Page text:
We like to know what animals are eating—antibiotic- and hormone-free and fed in ways that are natural. Jackman Ranch in Clewiston, Lake Meadow Farms in Ocoee, and a group of farms called Berkwood in Iowa are where most of our pork comes from.

What’s the biggest misconception people have about the meat they’re eating?

That there’s something inherently unhealthy about meat. The industrialization of meat is 150 years old, if that; you know how long ago humans started eating meat, and nobody started dying of cancer until the last 150 years.

What are the top sellers?

The Dub, Fig & Blue Cheese, Proper, Proper Chorizo, the Wynwood Porter, and the Romagna, which is specific to a part of Italy and has rosemary, white wine, and garlic. 9722 NE Second Ave., Miami, 786-334-5734

For a different kind of doughy experience, head to the only authentic ramen house in town, Momi, where Jeffrey Chen maintains Japanese tradition by starting his broth at 6 am every day. Or to Tropical Chinese, where employees have been pushing carts stacked with handmade dim sum for three decades. Even Alter is making its own Chinese-style udon noodles, cutting them by hand and crowning them with local rabbit and porcini sabayon. Try them with the house-made bread, crusted in sumac and dill (only 20 loaves are baked daily) and served with a life-changing umami butter. Lovers of carbs can sate their craving at True Loaf in Sunset Harbour, where Tomas Strulovic bakes the city’s best croissants. His bread and pastries can also be found at Panther Coffee, among other establishments around town.

Miami chefs are going the distance for authenticity, like all the way up to Davie at dawn to get warm buttery rolls from Old School Bakery (that’s its actual name) for the fried clam belly and lobster roll at Izzy’s Fish & Oyster. “Steve O’Leary has been baking bread for 45 years,” says William Crandall, the executive chef at Izzy’s (and formerly Azul). “Once you taste it, you’ll understand.” To make its authentic croque monsieur, Fooq’s gets its bread from La Parisienne up in Sunny Isles. At the Edgewater pearl Mignonette, the rare, exclusive wild oysters come straight from Maine’s Damariscotta River through a partnership with Sea Salt Lobster. The taco bungalow Taquiza sources its blue corn from Michoacán, Mexico, and practices the lost art of nixtamalization to produce the perfect tortilla, which is delivered to Jean-Georges Vongerichten’s Matador Room and Tom Colicchio’s Beachcraft, restaurants from celebrity chefs who rely on local artisans.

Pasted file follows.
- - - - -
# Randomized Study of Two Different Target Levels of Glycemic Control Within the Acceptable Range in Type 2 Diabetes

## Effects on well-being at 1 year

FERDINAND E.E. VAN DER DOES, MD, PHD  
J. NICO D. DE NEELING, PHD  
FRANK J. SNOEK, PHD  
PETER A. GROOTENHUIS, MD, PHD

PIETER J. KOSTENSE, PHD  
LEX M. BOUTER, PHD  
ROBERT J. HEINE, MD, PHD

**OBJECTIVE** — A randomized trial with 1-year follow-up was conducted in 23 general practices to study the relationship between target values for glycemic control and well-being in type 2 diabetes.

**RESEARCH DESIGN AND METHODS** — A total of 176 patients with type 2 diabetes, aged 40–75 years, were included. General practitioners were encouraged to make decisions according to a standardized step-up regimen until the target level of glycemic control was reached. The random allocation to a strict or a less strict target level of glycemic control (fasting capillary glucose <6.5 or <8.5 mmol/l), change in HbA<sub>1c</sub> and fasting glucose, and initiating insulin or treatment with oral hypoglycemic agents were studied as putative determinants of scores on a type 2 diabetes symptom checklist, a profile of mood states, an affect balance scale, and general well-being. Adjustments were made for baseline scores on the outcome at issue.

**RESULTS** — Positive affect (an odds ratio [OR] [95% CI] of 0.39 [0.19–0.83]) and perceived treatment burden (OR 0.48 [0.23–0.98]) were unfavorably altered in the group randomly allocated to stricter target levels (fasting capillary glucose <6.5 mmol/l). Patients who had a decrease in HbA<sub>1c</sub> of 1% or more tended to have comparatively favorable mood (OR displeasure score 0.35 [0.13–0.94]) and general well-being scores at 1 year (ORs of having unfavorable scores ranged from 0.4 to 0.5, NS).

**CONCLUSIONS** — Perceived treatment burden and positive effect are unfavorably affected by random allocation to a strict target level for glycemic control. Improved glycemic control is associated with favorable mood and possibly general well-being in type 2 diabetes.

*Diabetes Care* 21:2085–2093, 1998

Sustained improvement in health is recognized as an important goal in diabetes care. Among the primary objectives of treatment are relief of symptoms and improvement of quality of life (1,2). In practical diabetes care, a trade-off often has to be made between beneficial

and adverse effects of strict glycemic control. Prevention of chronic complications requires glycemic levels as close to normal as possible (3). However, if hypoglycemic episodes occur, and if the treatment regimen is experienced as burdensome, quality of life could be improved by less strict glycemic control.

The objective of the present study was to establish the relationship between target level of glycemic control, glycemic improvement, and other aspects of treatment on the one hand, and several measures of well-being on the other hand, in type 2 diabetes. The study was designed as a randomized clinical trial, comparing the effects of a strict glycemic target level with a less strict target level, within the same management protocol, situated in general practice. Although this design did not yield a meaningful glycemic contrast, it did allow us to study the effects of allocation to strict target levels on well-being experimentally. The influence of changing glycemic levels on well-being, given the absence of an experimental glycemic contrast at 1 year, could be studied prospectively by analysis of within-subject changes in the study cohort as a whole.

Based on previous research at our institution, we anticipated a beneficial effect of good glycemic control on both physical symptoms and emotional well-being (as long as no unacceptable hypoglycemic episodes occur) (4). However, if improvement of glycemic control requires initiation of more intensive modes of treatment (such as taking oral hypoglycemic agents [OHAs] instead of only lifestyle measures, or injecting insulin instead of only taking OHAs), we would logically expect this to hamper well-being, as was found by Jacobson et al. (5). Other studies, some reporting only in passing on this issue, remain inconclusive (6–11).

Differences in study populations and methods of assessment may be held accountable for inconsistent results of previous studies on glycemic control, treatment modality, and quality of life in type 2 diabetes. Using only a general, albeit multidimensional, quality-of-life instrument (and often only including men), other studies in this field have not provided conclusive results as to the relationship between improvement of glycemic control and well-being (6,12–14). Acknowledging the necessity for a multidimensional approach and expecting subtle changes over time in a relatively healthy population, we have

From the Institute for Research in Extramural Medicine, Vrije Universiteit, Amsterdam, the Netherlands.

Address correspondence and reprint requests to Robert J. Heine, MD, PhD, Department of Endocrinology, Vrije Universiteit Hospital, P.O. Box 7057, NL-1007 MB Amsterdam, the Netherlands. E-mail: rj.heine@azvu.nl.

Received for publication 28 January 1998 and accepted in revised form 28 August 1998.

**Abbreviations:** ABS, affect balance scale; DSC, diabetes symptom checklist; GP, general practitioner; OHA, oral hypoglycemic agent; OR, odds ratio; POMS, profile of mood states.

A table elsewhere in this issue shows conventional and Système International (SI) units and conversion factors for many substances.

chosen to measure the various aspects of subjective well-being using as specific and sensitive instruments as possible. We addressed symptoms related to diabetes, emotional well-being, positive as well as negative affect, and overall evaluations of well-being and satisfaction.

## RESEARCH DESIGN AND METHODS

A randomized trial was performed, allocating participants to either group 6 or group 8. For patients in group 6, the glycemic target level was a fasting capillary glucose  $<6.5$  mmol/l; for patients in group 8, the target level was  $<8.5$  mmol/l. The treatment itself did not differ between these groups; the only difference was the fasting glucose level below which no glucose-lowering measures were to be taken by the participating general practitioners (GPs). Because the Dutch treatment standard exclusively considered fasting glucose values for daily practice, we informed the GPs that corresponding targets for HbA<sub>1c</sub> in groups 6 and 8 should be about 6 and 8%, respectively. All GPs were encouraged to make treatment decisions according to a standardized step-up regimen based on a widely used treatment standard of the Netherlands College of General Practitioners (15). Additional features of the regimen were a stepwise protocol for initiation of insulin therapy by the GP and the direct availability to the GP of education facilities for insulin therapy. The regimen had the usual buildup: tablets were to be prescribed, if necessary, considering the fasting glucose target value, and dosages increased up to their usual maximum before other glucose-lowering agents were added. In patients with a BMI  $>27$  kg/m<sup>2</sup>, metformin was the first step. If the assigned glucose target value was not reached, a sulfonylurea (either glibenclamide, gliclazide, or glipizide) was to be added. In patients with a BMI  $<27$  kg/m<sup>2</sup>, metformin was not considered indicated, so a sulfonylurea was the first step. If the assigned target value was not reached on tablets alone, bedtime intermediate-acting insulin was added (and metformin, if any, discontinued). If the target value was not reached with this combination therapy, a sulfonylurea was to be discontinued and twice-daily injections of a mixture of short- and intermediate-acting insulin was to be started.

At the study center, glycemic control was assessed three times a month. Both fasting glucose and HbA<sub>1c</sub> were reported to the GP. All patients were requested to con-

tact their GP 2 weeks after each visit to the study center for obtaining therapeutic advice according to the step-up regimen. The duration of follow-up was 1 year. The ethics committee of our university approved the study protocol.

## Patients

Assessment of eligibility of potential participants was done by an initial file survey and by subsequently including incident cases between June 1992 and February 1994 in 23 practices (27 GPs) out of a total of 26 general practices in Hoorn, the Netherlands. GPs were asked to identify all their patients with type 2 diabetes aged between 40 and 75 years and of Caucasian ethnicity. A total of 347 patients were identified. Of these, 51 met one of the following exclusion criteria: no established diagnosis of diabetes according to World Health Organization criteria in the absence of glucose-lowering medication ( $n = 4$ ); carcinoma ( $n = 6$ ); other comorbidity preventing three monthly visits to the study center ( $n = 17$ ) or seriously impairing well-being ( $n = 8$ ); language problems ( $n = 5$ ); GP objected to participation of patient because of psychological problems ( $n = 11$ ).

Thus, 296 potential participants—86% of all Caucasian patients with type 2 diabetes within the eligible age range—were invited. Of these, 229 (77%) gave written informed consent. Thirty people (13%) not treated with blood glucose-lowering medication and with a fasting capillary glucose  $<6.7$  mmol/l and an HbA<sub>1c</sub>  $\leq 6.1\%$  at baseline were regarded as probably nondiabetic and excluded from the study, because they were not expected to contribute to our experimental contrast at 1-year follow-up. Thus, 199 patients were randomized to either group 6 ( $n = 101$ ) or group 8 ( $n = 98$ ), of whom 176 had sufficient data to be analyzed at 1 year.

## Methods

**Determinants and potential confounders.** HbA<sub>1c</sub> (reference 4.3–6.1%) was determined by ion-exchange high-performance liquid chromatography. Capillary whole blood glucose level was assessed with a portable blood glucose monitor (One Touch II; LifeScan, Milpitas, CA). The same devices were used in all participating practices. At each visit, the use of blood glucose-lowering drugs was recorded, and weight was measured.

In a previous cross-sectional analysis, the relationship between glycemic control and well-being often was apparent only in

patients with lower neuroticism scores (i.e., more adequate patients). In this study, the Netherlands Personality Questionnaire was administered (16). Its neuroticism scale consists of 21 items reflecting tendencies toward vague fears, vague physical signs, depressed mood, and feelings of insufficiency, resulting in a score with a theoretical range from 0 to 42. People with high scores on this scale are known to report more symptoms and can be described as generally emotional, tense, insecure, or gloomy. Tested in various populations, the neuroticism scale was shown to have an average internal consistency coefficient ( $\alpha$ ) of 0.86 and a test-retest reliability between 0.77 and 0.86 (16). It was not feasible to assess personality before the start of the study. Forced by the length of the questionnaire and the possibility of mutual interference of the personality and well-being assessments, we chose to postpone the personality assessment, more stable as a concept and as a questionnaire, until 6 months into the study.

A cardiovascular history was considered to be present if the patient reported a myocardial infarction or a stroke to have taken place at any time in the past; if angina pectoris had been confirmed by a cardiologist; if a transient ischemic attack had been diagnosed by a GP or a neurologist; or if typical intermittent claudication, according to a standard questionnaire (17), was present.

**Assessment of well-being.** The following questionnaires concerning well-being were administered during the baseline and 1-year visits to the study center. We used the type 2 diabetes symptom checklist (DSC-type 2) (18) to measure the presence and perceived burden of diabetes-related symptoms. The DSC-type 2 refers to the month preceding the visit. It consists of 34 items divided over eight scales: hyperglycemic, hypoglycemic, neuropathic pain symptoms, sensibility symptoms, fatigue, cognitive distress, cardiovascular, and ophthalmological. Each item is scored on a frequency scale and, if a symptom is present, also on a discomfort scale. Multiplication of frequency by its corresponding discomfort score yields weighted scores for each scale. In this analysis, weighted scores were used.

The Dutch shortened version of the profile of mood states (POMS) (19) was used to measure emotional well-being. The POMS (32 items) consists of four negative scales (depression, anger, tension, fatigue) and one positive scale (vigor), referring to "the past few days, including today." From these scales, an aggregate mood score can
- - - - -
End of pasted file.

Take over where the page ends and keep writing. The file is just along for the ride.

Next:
You went from the pharmacy to bread making. How did that happen?

I was 22 and depressed. I didn’t know very much about anything in life. I knew biology, but I didn’t know how to build a house, tend clothes, grow a garden, bake a loaf of bread, so I took a chance and dropped out of school and started this pathless journey of going from one farm to the next, learning the basics of life.

Why come back to Miami and start baking?

I broke up with a girl and had two options: become a German carpentry apprentice or start doing my own project. So I chose my own and went to Central Florida and bought four Alpine goat babies, started raising them in my backyard, and put a used pizza oven in the garage.

Michelle Bernstein was your gateway to Miami’s culinary scene. How did you two get together?

I started off at a farmers market, then Perricone’s, who suggested I take my bread to Michelle. She tried it and within one second said, “When can you start?” and I said, “Next week,” which was a lie. I was so not ready to begin baking bread for Michelle Bernstein.

Things will change soon when you move to a gallery as a full-time restaurant/bakery. Basically it’ll be an artisan bread factory with an outside coffeehouse. The current place will turn into a traditional and certified kosher deli.

What’s your favorite loaf of bread?

At home we eat the whole wheat because we still have hippie tendencies. With stinky fish, I like the dark rye. On Shabbat, I like challah. On a Reuben, I like Jewish rye. There’s a time and a place for every bread. 405 NW 26th St., Miami, 786-347-7100

Here in Miami, it’s also fruitful (and flavorful) to stay as close to home as possible by working with our native ingredients. When mango season begins, Alex Chang, the executive chef at Vagabond, goes foraging for unripe fruits to combine with ripe mangos in his green mango umeboshi, an explosion of Miami tropicality. Even the Cuban sandwich has gone artisanal at places like Miami Smokers, where it features everything from house-baked bread to Wynwood Brewery beer–spiked mustard and pickles. They take a DIY approach to charcuterie, just like Aaron Brooks at Edge Steak & Bar and Patrick Rebholz at Quality Meats. Visit Edge two nights in a row and chances are Brooks will have added something new (such as cheesy kielbasa or chicken liver pâté) to his house-made selections, while at Quality Meats the Jai Alai “pigs ’n blanket style” sausage (made with Cigar City Brewing’s Jai Alai IPA) is a hot charcuterie staple.

And let’s not forget dessert. Miami’s heat has turned ice cream into a local institution. Stop by Azucar Ice Cream Company for a scoop of its trademarked Abuela Maria (cream cheese ice cream with Maria cookies and guava) or any of its 20-plus uniquely Miami flavors, such as sweet plantain or café con leche. Wynwood new kid on the block Serendipity churns out innovative combinations like peanut sriracha and cacao lavender, while the Grove’s Bianco serves organic gelato made from local fruit and the milk of happy cows. But nowhere is sugar more exalted than at the psychedelic Wynwood bake shop Fireman Derek’s, where Miami firefighter Derek Kaplan whips up a plethora of pies (try the flagship Key lime), cheesecakes, f lans, and cookies. Proper Sausages founder Freddy Kaufmann asks, “Can you imagine a neighborhood where everyone is on that same level?”

Yes, we can, and it’s the future of Miami.


By Carla Torres


Read more at oceandrive.com.